Jazz CD Reviews Part 2

by | Apr 1, 2005 | Jazz CD Reviews | 0 comments

April-May 2005 Part 2 of 2 [Pt. 1]

Fantasy’s Great “The Best Of” Series Continues ****

Best of... series from FantasyThe mid-priced Best Of series from Fantasy continues with some of the best jazz reissues – both musically and sonically – that you can lay your hands on. All have been remastered at Fantasy Studios just recently employing the latest advances in CD mastering that achieve improved fidelity over most reissues of, say, a decade ago. Plus many of these tape masters come from such engineering masters as Rudy Van Gelder and Lester Koenig – even the mono tracks on some of the more historical discs sound terrific. Each one has new liner notes written especially for the reissue – not reprints. Plus you really get your buck’s worth in this series – probably the most music-packed to date; often running as high as 79 minutes – right up against the 80 minute CD limit today. I received more than the following in the latest batch but pulled these seven out since I found them especially appealing:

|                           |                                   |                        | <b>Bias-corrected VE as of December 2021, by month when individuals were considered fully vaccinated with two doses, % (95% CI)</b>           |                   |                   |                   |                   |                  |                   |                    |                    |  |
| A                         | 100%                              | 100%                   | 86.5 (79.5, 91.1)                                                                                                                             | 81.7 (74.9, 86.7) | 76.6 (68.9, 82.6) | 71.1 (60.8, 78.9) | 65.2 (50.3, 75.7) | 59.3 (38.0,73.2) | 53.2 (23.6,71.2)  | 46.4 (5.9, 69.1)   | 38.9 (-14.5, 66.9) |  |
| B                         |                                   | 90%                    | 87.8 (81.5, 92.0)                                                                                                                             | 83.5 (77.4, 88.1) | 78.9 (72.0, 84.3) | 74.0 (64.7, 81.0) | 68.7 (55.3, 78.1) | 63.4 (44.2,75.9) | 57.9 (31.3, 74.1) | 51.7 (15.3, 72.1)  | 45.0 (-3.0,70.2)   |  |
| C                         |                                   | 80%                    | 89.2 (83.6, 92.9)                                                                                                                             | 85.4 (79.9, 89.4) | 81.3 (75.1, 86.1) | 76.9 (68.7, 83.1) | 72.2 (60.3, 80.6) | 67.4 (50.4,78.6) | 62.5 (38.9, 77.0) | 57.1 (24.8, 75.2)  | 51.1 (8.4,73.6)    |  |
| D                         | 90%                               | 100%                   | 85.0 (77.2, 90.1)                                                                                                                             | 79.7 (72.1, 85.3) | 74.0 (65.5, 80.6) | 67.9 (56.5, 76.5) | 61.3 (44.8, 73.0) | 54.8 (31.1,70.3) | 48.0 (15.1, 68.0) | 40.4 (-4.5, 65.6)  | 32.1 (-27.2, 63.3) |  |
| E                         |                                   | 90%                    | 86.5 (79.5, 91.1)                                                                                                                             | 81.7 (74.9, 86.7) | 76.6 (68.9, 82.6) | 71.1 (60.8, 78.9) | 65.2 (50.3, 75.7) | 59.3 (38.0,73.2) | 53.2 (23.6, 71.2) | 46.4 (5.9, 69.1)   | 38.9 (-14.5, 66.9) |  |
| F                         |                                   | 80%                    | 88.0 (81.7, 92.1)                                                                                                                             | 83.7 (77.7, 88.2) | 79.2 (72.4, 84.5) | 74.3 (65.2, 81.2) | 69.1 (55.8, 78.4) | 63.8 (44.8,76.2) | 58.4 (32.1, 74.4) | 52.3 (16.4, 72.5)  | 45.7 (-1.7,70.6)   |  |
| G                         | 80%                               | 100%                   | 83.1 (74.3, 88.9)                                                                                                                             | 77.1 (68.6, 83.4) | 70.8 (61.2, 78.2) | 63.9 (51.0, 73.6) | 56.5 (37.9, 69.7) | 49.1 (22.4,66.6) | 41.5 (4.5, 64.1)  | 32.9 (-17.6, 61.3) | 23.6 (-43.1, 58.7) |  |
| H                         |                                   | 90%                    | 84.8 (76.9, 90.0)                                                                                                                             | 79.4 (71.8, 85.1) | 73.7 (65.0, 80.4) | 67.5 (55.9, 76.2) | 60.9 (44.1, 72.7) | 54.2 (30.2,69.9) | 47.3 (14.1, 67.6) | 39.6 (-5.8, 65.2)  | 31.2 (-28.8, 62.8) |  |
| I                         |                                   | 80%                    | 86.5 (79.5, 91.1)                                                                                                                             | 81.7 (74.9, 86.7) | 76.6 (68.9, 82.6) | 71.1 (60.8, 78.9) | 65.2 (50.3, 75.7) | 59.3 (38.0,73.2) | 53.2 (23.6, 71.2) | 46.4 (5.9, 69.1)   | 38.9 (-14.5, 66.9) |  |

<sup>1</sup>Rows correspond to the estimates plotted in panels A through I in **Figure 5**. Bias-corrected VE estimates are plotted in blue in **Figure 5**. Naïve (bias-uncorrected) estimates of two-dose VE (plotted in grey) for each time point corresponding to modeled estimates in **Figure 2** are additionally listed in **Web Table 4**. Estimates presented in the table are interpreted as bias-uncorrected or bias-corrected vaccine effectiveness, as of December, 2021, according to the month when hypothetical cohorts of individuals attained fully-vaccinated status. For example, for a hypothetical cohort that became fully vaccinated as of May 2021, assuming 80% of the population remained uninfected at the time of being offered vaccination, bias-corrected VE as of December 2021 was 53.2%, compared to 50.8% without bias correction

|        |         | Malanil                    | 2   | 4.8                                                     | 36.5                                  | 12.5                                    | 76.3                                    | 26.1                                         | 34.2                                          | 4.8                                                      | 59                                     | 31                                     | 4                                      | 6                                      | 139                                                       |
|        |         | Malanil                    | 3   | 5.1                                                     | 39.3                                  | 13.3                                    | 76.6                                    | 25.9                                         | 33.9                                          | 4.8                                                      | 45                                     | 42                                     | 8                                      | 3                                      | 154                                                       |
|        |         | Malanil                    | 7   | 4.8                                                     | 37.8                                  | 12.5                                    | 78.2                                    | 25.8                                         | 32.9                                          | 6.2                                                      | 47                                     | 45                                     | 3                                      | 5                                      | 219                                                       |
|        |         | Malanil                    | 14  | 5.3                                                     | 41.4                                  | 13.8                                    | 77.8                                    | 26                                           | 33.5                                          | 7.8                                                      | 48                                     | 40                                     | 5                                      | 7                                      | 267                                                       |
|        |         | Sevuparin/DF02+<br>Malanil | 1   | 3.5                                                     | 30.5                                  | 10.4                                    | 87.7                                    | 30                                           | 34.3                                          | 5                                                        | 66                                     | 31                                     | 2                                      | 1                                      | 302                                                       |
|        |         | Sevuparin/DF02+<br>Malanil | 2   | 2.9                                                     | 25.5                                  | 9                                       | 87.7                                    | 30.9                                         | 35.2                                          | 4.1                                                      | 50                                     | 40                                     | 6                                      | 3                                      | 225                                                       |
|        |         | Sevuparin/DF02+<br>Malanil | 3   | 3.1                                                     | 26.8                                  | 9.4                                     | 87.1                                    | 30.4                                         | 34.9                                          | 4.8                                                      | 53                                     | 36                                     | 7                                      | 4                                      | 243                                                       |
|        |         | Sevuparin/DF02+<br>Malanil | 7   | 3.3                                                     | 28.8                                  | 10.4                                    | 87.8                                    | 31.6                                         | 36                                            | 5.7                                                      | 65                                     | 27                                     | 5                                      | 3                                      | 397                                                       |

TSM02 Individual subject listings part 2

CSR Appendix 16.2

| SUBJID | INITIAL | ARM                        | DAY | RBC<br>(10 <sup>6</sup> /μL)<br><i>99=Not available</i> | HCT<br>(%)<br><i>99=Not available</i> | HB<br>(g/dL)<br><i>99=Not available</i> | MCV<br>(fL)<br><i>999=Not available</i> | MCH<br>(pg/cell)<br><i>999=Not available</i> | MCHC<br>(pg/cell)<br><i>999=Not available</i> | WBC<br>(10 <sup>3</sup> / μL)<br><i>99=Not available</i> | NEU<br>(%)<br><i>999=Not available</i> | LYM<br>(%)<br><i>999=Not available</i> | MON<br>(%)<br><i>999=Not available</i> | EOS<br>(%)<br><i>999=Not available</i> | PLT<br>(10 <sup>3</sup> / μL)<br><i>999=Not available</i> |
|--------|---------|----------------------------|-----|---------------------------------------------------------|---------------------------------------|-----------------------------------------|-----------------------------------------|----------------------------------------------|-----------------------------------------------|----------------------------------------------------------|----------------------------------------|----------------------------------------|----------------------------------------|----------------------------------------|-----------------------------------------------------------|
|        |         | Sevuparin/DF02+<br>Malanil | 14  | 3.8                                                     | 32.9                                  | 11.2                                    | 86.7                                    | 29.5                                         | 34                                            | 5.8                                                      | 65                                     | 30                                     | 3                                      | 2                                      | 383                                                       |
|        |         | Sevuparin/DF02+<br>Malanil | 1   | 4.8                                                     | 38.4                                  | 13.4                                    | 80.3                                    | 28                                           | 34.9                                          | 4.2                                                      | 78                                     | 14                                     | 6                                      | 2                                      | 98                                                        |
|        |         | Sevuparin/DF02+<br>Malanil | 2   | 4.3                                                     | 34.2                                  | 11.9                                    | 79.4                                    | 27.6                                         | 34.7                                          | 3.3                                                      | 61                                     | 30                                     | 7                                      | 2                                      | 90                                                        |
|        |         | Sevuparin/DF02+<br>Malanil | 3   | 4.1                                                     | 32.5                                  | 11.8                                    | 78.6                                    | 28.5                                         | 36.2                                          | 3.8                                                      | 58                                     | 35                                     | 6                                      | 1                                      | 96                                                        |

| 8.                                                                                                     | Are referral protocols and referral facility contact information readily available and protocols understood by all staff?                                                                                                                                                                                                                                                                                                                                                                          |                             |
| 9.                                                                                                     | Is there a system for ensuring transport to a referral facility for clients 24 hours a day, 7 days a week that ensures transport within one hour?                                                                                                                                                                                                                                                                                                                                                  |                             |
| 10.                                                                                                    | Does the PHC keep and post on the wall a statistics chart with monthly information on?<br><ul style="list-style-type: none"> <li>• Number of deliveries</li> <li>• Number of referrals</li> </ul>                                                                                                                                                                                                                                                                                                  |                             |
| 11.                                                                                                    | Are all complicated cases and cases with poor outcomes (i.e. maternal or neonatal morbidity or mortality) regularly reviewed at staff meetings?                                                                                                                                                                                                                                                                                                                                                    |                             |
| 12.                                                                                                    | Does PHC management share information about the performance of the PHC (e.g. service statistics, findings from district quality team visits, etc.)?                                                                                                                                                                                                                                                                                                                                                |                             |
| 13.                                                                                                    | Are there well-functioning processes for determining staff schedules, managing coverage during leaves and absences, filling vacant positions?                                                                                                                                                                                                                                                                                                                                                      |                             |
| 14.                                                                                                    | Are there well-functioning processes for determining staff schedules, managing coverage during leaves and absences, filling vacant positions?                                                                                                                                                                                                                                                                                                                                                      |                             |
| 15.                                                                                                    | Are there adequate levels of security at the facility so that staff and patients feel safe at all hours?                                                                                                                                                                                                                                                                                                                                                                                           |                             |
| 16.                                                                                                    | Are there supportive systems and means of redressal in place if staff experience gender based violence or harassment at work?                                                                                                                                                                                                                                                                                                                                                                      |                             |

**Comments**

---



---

ERIC DOLPHY was an amazing figure in bebop and free jazz until his death in l964. He was a master of reeds – the alto sax, bass clarinet and flute. His work ranged from the traditional and tonal to far out experimentalism, but these ten tracks all retain strong melody and accessibility, so those expecting wild honking sessions out of Dolphy may be disappointed here. His takes on standards such as Green Dolphin Street are a delight and his virtuosity is supported by such top sidemen as Freddie Hubbard, Jacki Byard, Mal Waldron and Ron Carter. Several of the tracks were taped live at jazz clubs in NYC and Copenhagen.

Tracks: Out There, On Green Dolphin St., Far Cry, Serene, Miss Ann, Fire Waltz, G.W., Glad to be Unhappy, Booker’s Waltz, Status Seeking.

ART PEPPER – These are some of the skilled alto player’s best tracks covering a timeline of 1957 thru 1980, and waxed for both the Contemporary label in LA and for Galaxy 20 years later.